Leave documentation is amazingly helpful. I have a coworker who doesn’t do many big projects but he does a lot of regular stuff. It’s incredibly easy to miss those things so he leaves a list of all the stuff he does (and it’s basically the same every time) and another coworker and I always marvel at how much he gets done with all these parts he has to manage every week.

  10. ThursdaysGeek*

    #3 sounds like good advice all around. How will you know if your documentation and training is adequate? The vacation serves a similar function as testing your computer backups. If you’ve had vacation tests, so that your people know they can function without you for a time, you won’t be so worried if you suddenly have a health emergency or win the lottery. You already know things are in good shape, because you’ve tested it with vacations.

  11. De (Germany)*

    I think a culture of having a lot of vacation time helps with that. Everyone around me has around 6 weeks a year, so we’re just used to people being unavailable. Even in IT :-) I have never experienced someone being called while on vacation.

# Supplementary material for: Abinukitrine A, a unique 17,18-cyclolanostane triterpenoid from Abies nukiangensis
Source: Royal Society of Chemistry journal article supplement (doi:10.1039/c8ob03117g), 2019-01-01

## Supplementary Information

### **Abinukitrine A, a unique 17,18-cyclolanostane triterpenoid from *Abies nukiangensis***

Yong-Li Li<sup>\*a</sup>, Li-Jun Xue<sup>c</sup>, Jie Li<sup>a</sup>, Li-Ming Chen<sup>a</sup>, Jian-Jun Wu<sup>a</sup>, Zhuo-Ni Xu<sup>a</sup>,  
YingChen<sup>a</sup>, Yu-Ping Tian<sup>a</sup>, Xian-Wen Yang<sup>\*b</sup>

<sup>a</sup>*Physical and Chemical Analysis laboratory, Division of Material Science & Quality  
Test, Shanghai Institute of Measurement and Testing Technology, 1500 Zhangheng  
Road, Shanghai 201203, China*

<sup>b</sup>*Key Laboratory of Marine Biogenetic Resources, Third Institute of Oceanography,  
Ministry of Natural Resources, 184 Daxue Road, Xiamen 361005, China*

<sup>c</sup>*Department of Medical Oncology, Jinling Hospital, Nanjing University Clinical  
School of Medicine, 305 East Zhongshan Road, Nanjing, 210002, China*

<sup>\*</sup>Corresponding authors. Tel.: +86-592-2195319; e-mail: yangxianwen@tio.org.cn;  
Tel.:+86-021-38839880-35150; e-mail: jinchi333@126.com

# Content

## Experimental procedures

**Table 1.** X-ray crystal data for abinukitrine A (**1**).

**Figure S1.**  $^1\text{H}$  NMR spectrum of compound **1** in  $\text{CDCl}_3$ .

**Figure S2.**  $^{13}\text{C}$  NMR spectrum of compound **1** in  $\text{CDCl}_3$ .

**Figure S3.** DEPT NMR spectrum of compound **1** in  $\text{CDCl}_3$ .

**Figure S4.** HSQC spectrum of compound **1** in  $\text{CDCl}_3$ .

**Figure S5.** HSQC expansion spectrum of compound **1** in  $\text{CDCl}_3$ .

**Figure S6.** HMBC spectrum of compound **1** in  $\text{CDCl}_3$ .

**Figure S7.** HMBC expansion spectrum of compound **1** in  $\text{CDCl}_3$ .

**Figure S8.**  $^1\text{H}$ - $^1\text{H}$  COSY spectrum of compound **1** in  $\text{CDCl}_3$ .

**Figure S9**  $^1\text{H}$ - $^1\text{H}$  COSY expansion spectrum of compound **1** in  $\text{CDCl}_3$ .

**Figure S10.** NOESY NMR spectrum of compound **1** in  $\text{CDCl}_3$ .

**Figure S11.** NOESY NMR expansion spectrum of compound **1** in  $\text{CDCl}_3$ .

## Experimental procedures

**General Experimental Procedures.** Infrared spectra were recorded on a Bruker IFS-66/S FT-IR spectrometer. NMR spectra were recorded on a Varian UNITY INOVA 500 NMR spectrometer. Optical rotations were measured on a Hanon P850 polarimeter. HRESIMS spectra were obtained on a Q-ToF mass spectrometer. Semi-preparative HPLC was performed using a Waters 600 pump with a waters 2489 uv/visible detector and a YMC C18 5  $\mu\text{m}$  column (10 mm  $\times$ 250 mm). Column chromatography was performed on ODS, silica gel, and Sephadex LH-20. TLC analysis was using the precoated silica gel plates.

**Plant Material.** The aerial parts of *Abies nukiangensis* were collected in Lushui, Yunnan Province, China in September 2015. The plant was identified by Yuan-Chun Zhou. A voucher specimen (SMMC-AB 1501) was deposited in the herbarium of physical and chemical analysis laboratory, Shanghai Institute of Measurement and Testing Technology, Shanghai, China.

1. D-orx Nami*

      I have (,i.e. me being called) and I feel like strangling the person over the telephone…lol..

      I have done it on some occasions, but then it’s either because I didn’t know they were off, or because it was urgent information only they held or know of….either way I’d always say “sorry xyz to call you on your holiday but I need abc information and saw only you knew it…”

  12. Bend & Snap*

    I’m on “vacation” now and I fail at all of these. I’ve worked every day and can’t mentally disconnect.

    I chose an especially problematic week for vacation and I just feel anxiety. Not enjoying it at all.

  13. Cath in Canada*

    The most relaxing vacations I’ve had in the last few years were in places with no internet access – kayak camping locally, and in Cuba. Bliss!

    Any tips on how to avoid the feeling that all the benefits of the vacation relaxation disappear approximately 20 minutes after walking back into the office and opening your email?

    1. Sarahnova*